This week we will be reporting on the interview with your APN. Along with the interview you will be investigating the Board of Nursing’s scope of practice and national certification requirements.
Identify the APN you interviewed and summarize the interview, which may include (if not in the interview, please address):
Describe the organization and setting, population, and colleagues where your interviewee works.
Examine regulatory and legal requirements for the state in which you plan to practice/work (and that your interviewee resides, if different).
Examine the Scope of Practice for your state of practice and that of your interviewee, if different
Describe the professional organizations available for membership based on your selected role.
Identify required competencies, including certification requirements for your selected role and that of your interviewee.
This will be a 2-4 page paper (excluding the title page and references).
Literature support is encouraged and points are assigned.
Peer reviewed articles that are non-research and nursing organization websites may be used. All articles must be current (not more than five years old, unless it is a hallmark reference; e.g., Institute of Medicine (IOM) (2010). The Future of Nursing: Leading Change, Advancing Health.
Format your paper, citations, and references using correct APA Style.
The APRN that a Interview works in Health First Medical Group in Palm Bay Florida
Its a family practice office, population 2 to ?, theres a primary Dr. and 4 Nurse Practioners.
The person that I will be doing the interview is an APRN. Anabel Pereda APRN works on a Family Practice Office.
1. What is the primary reason you decided to become a Nurse Practitioner?
I was living in Mississippi when I decided to become a nurse practitioner as there was a big push to get much needed healthcare to underserved patients in the Mississippi delta. I was able to practice in rural clinics after completing the program and graduating. Very rewarding!
2. What do you like the most about working in Family Practice Office?
Being able to serve the entire family. It is also nice to experience the different rewards of providing care to widely different age groups as I see patients from age 2 to ?
3. What is a normal day like for you at the office?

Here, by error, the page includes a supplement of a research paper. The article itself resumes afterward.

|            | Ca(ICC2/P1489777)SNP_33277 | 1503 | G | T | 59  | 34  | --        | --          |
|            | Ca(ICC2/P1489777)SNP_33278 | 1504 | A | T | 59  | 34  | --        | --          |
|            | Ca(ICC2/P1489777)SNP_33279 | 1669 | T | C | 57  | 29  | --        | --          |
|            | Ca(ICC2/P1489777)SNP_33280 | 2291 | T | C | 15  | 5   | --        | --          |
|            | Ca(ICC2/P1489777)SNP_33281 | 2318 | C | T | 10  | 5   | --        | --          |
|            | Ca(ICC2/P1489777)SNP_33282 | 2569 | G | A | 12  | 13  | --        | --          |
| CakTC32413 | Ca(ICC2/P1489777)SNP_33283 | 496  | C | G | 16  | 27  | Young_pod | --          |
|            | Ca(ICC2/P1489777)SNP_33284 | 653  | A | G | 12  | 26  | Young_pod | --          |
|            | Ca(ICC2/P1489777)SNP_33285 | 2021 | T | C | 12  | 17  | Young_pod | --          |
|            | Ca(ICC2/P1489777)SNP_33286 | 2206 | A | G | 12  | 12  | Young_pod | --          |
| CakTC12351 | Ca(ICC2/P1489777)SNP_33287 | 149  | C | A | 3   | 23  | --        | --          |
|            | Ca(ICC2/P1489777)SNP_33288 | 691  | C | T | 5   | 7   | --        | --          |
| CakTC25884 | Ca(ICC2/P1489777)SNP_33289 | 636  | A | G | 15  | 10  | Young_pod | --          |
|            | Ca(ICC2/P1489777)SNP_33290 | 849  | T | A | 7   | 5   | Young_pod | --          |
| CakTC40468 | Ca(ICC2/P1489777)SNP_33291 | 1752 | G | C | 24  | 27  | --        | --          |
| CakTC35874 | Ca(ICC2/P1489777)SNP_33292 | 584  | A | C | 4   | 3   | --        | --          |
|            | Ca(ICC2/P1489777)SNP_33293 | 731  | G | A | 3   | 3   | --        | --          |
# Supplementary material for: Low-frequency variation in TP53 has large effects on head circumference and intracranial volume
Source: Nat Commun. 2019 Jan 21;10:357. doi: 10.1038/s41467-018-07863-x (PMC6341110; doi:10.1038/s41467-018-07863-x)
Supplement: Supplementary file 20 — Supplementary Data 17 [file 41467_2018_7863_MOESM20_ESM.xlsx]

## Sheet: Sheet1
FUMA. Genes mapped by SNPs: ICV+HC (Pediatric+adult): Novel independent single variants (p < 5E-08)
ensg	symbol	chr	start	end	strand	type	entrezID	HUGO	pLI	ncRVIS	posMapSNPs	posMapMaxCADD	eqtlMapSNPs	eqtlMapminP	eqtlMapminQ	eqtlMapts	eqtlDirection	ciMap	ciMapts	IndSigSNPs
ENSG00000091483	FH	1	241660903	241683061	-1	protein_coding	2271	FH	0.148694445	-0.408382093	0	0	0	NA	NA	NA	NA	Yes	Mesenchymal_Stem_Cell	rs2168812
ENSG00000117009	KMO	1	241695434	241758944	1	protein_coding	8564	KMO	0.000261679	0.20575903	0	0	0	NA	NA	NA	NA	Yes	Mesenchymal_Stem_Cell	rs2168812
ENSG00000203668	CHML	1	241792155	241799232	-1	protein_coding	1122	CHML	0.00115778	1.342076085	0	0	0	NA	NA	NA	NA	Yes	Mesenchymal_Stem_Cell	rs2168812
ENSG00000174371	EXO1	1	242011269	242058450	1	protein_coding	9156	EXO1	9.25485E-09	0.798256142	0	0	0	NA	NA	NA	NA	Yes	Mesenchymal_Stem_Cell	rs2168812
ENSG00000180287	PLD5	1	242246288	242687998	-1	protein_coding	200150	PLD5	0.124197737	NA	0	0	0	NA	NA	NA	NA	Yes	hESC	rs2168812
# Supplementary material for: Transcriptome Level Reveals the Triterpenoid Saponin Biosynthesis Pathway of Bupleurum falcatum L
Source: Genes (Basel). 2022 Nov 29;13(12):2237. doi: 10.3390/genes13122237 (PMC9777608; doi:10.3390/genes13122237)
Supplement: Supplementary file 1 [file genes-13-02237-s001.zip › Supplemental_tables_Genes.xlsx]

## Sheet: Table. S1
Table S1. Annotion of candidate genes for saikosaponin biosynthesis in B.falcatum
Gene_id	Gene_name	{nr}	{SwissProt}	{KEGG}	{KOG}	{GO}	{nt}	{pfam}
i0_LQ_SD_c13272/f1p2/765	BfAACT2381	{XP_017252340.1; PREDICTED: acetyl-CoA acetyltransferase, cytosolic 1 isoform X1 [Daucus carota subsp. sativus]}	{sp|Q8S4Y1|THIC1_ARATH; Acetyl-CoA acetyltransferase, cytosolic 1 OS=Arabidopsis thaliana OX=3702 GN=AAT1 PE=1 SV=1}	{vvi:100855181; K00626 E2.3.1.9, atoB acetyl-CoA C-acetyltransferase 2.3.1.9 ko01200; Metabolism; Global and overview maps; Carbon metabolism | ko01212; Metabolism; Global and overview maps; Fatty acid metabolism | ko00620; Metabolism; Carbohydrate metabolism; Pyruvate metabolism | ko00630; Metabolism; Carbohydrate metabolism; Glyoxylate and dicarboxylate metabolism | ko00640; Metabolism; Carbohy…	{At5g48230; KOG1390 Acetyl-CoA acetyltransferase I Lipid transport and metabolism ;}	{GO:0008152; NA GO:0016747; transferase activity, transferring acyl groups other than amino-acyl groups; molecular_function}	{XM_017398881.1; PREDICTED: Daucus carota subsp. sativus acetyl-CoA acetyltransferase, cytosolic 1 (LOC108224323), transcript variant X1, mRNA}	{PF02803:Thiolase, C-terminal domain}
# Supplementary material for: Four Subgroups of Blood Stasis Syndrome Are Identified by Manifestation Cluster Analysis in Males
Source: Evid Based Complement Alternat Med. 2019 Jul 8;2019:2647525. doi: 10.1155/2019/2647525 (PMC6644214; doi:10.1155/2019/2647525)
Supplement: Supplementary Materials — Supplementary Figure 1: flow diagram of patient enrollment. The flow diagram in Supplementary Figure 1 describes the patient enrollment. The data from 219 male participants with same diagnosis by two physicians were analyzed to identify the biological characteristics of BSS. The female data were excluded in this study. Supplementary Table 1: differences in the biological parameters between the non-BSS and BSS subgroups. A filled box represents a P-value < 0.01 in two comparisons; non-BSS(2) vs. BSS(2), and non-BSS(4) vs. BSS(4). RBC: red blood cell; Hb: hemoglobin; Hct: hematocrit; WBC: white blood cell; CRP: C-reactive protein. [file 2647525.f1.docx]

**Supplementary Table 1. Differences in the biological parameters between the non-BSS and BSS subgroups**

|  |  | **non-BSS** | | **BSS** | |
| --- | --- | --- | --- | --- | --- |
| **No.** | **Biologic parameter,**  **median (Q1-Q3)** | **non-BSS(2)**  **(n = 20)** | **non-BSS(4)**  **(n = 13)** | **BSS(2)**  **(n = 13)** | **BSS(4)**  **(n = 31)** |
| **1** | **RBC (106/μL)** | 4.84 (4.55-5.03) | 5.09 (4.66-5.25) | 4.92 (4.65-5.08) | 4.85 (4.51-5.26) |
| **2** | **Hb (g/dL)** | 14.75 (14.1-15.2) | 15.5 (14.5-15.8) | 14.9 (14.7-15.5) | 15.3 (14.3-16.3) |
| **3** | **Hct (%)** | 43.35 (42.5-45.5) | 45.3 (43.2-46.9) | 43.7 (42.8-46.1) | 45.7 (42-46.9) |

Patient care starts the minute I arrive at the office. Reviewing labs and diagnostic studies, reading specialists reports, signing prescriptions, responding to patients’ concerns/questions, completing FMLA/disability forms, performing peer to peer in order to get diagnostic studies or medications covered, attending online meetings/mandatory education, and oh yes, seeing and treating patients (my favorite part).
4. What are the most challenging aspects of being a Nurse Practitioner?
Having to balance work and home life, especially where children are concerned.
5. Have you ever disagree with a physician? What did you do?
I have always been lucky to have practiced with physicians whom I consider mentors.
6. What is the greatest professional disappointment you have ever faced?
Being undervalued! Was in a situation where I was appreciated by peers and patients but almost taken advantage of. I made a proposal of fairness to my supervisor which was turned down, so I took my services to a different practice.
7. Describe a situation when you went above and beyond with your service?
Helping an undocumented pregnant patient through the birth of her baby in order to assist with translation since was uncertain whether to keep her baby (since conceived from rape) or give up for adoption. In the end, she did keep her baby (after an all-nighter at the hospital).
8. How do you handle stress at work?
Taking a step back to think! I almost always can see the positive side of things and working with great NPs helps.
9. How do you balance work and life?
Always putting my family first helps prioritize things in my life. Having great support both at work and at home can make all the difference.
10. As a Nurse Practitioner, how do stay current on new practice innovations?
I enjoy going to conferences which are always a great source of information but can also give you the opportunity to network and be aware of how other nurse practitioners practice.